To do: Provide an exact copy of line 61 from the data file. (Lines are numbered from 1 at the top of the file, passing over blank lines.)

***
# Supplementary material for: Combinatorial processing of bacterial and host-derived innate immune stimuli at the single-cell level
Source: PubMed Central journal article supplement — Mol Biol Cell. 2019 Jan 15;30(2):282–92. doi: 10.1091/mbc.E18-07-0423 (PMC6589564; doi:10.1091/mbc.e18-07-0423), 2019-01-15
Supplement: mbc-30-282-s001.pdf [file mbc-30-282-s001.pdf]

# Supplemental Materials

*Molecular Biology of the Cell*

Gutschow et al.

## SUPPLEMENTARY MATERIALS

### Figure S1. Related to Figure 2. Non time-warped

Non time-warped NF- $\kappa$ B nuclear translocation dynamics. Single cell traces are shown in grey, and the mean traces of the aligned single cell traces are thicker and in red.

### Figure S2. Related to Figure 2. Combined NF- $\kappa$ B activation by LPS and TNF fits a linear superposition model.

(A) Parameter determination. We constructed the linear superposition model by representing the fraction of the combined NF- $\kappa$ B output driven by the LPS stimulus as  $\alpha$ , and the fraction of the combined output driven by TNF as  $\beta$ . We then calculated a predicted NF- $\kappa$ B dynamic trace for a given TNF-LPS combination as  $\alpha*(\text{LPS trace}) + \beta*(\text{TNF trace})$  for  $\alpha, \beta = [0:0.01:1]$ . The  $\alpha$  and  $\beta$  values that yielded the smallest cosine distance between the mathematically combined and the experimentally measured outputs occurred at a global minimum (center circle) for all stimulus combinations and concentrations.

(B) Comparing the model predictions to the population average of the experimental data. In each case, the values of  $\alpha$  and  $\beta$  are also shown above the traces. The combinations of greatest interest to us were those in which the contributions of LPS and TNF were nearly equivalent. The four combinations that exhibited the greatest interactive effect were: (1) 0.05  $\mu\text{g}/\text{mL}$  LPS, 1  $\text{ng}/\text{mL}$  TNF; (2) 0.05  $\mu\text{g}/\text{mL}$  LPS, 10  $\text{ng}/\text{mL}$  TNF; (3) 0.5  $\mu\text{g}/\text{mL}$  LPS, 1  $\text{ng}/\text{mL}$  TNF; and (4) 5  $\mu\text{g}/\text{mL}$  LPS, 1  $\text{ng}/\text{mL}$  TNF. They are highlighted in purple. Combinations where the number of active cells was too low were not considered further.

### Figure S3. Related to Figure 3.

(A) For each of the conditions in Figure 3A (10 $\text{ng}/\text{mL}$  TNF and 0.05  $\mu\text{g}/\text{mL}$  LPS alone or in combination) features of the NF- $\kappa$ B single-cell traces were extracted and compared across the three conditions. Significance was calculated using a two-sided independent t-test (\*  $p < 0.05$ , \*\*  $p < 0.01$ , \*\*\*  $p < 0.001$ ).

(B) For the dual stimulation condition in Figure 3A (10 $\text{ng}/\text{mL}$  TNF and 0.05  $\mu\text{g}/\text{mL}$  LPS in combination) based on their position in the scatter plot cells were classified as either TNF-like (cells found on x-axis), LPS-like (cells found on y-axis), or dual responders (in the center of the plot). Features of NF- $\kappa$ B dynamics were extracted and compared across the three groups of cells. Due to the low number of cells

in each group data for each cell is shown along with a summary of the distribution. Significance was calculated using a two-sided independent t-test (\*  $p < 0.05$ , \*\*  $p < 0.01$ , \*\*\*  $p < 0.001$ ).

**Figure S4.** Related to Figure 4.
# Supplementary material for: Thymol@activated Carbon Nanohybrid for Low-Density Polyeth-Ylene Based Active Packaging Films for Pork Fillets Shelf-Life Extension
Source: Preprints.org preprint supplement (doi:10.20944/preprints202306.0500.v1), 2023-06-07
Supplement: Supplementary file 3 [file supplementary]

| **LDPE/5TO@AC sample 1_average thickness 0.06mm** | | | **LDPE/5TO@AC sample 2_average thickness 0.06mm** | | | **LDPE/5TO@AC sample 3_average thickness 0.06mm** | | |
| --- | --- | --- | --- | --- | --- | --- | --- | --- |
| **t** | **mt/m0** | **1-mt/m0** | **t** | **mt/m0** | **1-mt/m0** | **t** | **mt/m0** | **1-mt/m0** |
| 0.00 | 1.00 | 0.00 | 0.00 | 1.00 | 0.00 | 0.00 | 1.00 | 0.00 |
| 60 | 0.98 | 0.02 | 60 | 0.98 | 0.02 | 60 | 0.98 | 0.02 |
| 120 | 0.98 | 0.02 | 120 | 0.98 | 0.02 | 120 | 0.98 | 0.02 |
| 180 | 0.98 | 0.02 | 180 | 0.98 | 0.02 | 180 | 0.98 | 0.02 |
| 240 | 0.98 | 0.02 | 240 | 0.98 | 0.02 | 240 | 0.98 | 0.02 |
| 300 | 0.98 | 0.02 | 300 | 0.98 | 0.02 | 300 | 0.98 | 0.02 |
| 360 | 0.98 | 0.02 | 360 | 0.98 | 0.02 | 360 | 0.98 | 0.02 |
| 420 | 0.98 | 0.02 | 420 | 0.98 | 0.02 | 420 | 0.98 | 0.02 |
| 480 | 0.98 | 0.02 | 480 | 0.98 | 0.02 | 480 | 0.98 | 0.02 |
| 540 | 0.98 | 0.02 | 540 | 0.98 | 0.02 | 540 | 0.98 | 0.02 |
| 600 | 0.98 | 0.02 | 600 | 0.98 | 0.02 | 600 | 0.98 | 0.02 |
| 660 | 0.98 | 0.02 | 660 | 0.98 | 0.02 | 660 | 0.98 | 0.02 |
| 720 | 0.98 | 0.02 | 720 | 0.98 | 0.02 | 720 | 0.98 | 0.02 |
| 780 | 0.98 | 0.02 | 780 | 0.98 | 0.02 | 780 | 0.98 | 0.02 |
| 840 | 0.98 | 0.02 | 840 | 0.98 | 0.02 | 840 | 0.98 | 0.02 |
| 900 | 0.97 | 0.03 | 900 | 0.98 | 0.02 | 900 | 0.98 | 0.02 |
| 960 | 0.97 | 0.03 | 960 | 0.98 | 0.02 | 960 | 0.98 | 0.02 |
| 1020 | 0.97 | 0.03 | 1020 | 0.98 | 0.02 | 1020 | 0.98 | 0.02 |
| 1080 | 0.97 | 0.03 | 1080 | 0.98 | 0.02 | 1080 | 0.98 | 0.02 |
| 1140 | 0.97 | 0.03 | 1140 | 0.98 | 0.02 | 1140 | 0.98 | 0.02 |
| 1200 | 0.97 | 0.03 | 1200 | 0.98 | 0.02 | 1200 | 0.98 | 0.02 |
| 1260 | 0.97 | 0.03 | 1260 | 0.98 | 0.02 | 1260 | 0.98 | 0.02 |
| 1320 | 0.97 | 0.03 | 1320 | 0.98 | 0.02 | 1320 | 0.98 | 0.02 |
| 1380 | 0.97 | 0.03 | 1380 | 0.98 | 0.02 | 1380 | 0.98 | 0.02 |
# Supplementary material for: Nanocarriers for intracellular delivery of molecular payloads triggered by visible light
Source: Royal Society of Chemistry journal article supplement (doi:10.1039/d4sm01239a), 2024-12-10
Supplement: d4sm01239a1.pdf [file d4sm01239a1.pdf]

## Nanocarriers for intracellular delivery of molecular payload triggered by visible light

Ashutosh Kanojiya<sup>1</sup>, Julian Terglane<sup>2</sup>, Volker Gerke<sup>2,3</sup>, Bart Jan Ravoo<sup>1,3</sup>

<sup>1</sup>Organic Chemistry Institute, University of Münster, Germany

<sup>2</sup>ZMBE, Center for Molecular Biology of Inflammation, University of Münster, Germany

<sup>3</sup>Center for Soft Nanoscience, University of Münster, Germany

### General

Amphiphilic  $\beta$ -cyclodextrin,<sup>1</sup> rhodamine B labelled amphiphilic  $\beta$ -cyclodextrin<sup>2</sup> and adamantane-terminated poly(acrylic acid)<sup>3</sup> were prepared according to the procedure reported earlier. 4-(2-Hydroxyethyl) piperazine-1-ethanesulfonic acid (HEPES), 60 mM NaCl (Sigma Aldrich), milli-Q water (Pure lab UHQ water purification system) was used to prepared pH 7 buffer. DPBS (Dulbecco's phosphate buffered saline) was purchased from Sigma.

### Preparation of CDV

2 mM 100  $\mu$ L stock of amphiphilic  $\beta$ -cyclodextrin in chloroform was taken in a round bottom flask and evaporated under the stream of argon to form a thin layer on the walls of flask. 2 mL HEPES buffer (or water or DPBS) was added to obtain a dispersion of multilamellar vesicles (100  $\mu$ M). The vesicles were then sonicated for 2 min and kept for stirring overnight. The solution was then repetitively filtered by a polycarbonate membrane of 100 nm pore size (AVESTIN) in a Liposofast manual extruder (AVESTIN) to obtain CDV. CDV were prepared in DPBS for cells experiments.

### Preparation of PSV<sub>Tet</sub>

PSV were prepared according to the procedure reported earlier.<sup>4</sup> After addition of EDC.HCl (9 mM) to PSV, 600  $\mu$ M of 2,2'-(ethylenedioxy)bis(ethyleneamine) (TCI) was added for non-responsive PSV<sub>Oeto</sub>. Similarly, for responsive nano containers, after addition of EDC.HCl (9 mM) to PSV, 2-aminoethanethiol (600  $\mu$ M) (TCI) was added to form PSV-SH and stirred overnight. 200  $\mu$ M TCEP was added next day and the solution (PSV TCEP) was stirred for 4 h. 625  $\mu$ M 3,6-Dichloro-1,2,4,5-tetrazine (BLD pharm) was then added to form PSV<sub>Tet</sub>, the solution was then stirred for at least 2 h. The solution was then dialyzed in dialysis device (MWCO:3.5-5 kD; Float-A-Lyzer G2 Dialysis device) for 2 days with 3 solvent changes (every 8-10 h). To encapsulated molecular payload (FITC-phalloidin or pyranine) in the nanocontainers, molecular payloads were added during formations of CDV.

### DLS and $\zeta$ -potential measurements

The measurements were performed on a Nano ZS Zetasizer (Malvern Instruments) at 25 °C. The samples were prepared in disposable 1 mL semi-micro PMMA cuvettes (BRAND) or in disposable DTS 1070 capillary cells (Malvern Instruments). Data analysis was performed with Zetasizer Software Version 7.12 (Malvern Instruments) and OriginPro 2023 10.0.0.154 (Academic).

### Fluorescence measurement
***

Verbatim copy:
PSV were prepared according to the procedure reported earlier.<sup>4</sup> After addition of EDC.HCl (9 mM) to PSV, 600  $\mu$ M of 2,2'-(ethylenedioxy)bis(ethyleneamine) (TCI) was added for non-responsive PSV<sub>Oeto</sub>. Similarly, for responsive nano containers, after addition of EDC.HCl (9 mM) to PSV, 2-aminoethanethiol (600  $\mu$ M) (TCI) was added to form PSV-SH and stirred overnight. 200  $\mu$ M TCEP was added next day and the solution (PSV TCEP) was stirred for 4 h. 625  $\mu$ M 3,6-Dichloro-1,2,4,5-tetrazine (BLD pharm) was then added to form PSV<sub>Tet</sub>, the solution was then stirred for at least 2 h. The solution was then dialyzed in dialysis device (MWCO:3.5-5 kD; Float-A-Lyzer G2 Dialysis device) for 2 days with 3 solvent changes (every 8-10 h). To encapsulated molecular payload (FITC-phalloidin or pyranine) in the nanocontainers, molecular payloads were added during formations of CDV.